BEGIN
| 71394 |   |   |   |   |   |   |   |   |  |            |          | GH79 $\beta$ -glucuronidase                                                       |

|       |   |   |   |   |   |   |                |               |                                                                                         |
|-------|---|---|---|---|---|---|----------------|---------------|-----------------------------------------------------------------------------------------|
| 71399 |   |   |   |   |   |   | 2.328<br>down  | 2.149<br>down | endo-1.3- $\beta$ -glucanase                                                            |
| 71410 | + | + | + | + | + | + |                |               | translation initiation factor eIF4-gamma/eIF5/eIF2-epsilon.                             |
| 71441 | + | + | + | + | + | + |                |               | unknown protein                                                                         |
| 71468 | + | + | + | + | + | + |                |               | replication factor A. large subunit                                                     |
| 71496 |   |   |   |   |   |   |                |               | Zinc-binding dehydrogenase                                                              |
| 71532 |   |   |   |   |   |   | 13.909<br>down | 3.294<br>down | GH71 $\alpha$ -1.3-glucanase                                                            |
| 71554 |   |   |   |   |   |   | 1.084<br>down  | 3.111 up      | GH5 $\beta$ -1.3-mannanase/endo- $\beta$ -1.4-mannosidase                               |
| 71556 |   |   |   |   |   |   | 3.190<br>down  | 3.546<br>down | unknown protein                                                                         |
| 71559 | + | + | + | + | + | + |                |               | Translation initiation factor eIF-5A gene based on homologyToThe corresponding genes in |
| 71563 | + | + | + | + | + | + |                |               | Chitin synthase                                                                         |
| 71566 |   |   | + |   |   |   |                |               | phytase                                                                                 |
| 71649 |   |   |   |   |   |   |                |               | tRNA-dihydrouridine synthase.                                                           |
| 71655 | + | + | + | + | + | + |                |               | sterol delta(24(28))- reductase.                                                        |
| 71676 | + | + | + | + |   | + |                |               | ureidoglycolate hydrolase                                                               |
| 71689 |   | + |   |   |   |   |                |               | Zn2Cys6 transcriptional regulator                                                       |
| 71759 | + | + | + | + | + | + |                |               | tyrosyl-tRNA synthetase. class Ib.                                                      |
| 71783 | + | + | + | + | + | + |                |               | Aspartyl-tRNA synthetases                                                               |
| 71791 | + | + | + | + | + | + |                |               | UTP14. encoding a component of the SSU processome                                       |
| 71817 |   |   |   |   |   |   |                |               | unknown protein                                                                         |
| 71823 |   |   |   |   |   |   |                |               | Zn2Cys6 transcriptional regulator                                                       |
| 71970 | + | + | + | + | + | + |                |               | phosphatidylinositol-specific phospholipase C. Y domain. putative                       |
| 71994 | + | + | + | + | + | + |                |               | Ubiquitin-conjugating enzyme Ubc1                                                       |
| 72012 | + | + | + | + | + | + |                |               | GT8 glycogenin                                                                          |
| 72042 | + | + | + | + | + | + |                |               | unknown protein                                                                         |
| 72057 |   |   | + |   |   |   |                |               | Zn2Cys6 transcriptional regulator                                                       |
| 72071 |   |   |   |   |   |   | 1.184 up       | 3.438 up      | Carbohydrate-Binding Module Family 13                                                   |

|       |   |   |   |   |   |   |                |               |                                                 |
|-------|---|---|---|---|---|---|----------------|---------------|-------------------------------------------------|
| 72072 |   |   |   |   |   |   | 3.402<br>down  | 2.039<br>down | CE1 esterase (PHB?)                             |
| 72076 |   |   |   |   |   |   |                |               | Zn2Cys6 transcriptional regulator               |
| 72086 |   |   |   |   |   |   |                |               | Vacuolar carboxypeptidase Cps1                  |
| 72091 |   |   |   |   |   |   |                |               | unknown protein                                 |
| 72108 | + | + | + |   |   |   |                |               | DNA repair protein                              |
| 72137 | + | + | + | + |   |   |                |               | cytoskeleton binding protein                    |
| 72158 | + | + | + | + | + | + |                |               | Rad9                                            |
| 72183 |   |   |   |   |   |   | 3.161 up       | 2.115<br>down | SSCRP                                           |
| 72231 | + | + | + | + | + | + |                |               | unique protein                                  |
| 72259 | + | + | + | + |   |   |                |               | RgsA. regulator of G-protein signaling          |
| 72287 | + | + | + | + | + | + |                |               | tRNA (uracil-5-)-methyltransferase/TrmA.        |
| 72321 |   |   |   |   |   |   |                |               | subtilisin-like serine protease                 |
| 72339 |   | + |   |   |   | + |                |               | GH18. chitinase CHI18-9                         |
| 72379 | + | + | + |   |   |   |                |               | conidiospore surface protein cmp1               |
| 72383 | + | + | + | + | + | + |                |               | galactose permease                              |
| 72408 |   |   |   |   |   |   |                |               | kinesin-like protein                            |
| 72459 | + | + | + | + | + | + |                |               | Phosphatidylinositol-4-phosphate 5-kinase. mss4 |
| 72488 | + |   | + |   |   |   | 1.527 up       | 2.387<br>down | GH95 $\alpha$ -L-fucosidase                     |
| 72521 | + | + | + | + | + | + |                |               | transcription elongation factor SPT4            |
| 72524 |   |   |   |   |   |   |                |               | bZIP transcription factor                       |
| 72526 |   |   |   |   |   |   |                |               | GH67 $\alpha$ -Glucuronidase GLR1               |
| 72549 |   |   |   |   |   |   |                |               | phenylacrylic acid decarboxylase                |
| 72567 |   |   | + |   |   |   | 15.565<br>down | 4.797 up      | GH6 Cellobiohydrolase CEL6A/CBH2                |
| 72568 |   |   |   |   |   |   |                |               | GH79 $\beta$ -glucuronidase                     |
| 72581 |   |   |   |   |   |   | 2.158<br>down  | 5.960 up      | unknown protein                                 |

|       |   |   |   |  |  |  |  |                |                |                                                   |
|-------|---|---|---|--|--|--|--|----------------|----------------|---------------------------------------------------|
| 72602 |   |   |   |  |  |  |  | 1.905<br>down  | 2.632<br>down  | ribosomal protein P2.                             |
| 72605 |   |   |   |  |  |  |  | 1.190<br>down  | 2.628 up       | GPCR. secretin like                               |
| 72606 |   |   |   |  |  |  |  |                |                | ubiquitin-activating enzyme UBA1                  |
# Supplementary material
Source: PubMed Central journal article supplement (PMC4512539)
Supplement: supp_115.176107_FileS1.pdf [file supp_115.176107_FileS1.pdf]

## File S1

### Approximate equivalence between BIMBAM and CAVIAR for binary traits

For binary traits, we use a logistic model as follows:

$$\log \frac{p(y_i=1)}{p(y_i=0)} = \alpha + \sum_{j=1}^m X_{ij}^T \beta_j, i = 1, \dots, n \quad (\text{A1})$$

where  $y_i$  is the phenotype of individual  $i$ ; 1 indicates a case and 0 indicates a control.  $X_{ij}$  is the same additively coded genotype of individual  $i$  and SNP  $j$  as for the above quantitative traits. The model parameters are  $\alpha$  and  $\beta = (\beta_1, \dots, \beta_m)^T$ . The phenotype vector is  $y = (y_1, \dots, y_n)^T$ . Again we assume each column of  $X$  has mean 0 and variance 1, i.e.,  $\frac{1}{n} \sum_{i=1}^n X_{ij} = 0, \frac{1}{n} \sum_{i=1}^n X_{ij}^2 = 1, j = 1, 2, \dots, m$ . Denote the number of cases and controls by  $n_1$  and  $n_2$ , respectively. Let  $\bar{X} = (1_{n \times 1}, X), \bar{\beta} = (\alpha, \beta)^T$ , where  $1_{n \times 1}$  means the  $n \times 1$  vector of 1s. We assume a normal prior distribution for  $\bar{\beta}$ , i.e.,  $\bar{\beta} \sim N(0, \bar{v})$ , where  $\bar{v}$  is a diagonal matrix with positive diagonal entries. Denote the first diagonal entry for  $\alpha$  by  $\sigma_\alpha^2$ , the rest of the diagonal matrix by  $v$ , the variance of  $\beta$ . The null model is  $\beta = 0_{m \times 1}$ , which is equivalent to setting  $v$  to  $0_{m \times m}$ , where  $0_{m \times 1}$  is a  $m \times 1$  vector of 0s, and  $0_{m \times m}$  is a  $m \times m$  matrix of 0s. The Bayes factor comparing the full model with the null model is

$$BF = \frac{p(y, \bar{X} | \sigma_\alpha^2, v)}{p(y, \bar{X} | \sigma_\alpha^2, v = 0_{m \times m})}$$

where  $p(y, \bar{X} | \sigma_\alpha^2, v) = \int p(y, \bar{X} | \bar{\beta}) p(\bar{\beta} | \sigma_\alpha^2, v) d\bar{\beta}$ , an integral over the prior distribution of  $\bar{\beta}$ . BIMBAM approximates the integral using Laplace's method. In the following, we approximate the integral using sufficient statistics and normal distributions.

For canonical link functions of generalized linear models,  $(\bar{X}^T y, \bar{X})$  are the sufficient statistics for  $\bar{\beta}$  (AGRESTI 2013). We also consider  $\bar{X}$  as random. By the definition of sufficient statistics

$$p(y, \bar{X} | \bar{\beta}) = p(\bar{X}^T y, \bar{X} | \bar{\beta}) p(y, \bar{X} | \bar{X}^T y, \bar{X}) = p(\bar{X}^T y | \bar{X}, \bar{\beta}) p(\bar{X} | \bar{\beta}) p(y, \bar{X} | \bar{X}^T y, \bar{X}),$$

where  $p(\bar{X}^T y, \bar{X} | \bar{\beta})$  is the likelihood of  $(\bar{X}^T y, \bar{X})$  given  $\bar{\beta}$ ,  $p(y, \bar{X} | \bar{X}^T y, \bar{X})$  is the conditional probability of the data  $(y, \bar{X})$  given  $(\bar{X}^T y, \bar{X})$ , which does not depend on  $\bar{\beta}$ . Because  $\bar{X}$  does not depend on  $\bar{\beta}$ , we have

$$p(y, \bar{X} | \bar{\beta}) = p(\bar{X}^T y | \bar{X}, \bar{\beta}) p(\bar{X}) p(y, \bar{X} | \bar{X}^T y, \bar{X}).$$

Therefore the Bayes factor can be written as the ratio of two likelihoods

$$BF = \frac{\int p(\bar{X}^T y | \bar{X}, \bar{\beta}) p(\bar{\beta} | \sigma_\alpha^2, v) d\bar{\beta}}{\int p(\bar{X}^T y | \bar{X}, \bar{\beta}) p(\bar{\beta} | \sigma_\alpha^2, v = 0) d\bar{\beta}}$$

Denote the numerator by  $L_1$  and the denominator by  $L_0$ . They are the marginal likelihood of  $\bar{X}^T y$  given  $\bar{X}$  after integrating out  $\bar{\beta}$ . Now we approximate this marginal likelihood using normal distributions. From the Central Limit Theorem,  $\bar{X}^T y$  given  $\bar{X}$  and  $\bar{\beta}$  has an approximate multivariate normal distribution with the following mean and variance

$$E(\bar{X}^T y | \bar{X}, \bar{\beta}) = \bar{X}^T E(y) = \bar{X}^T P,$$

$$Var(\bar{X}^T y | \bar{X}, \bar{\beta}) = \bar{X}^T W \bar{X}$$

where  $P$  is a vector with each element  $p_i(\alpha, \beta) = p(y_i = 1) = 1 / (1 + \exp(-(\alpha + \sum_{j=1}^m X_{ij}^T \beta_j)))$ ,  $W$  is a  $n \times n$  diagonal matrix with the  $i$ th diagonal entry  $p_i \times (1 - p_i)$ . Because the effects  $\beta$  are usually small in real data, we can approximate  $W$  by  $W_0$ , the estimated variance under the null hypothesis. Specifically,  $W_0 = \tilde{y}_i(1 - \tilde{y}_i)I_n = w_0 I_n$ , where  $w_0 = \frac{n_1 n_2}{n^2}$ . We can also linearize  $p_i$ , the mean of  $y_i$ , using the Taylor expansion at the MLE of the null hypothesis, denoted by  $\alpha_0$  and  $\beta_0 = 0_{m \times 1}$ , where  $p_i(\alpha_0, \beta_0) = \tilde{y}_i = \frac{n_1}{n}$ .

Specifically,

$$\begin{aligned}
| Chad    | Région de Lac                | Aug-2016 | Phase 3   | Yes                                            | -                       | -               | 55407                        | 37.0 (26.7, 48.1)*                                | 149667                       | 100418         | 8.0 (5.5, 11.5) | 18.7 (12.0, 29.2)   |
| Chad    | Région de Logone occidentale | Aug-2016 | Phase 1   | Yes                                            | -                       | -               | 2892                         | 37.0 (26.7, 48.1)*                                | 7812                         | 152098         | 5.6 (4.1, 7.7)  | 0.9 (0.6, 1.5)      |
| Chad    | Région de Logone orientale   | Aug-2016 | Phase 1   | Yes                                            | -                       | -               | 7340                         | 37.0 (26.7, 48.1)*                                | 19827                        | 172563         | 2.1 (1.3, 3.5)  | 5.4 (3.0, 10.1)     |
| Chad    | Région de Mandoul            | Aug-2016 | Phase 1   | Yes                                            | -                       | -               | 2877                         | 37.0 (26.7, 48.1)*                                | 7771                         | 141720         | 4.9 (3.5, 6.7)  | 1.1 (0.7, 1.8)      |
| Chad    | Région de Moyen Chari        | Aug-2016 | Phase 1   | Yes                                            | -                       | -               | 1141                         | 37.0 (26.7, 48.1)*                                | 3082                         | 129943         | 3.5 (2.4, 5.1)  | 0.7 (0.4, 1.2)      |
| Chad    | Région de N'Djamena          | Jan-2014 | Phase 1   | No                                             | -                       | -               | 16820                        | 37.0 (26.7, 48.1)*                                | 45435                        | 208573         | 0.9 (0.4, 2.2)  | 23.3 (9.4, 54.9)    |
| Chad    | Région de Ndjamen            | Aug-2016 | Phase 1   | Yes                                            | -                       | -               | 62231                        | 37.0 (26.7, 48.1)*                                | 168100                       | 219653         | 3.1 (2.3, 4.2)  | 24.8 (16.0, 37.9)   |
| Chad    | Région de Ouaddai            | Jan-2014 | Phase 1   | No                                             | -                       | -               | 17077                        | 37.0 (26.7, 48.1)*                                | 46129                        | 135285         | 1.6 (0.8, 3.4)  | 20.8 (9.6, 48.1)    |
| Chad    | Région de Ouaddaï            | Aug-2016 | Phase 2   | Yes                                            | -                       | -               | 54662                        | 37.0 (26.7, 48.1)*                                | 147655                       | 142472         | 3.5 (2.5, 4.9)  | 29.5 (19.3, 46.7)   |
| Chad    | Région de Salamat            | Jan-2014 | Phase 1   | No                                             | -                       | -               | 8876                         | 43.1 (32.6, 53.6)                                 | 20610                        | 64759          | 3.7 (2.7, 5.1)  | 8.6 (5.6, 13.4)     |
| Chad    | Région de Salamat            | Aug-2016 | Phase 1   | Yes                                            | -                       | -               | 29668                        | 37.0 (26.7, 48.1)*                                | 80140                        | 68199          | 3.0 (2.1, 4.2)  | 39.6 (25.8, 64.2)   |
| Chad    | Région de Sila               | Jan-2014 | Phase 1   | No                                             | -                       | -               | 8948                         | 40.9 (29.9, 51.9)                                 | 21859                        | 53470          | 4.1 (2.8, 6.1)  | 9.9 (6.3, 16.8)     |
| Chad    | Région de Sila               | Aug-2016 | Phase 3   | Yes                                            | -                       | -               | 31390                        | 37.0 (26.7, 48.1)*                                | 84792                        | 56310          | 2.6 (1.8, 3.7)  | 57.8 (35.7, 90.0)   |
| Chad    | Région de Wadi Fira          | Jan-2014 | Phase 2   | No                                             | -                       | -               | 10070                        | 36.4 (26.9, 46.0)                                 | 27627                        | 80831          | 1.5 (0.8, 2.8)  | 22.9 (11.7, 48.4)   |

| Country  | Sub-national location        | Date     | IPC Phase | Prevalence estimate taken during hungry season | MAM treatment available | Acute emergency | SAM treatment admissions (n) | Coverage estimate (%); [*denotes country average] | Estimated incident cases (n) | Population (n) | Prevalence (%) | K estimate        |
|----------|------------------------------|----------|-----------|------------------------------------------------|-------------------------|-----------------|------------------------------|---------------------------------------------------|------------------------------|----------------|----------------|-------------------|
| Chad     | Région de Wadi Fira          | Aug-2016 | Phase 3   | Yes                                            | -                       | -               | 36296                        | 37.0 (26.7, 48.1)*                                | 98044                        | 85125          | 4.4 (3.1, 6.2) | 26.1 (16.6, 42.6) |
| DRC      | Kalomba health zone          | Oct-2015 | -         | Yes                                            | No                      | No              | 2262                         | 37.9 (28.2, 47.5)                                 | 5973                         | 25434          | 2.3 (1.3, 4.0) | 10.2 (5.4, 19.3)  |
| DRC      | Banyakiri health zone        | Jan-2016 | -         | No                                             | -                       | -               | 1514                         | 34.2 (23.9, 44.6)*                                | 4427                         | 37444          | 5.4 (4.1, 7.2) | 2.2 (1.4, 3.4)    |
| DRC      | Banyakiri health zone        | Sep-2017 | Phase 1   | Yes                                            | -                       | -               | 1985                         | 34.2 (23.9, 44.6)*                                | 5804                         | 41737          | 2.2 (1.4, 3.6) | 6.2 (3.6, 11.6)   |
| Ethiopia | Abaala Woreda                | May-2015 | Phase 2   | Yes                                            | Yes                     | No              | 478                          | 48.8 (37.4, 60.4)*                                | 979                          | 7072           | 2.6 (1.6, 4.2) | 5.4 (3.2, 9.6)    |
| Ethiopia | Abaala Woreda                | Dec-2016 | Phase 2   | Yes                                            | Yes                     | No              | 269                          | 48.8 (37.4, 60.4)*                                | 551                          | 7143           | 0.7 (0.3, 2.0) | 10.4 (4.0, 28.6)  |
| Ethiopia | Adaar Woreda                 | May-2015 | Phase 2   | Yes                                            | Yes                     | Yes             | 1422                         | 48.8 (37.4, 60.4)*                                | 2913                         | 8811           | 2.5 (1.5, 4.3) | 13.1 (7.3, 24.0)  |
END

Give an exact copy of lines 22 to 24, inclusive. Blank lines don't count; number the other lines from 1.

| 71817 |   |   |   |   |   |   |                |               | unknown protein                                                                         |
| 71823 |   |   |   |   |   |   |                |               | Zn2Cys6 transcriptional regulator                                                       |
| 71970 | + | + | + | + | + | + |                |               | phosphatidylinositol-specific phospholipase C. Y domain. putative                       |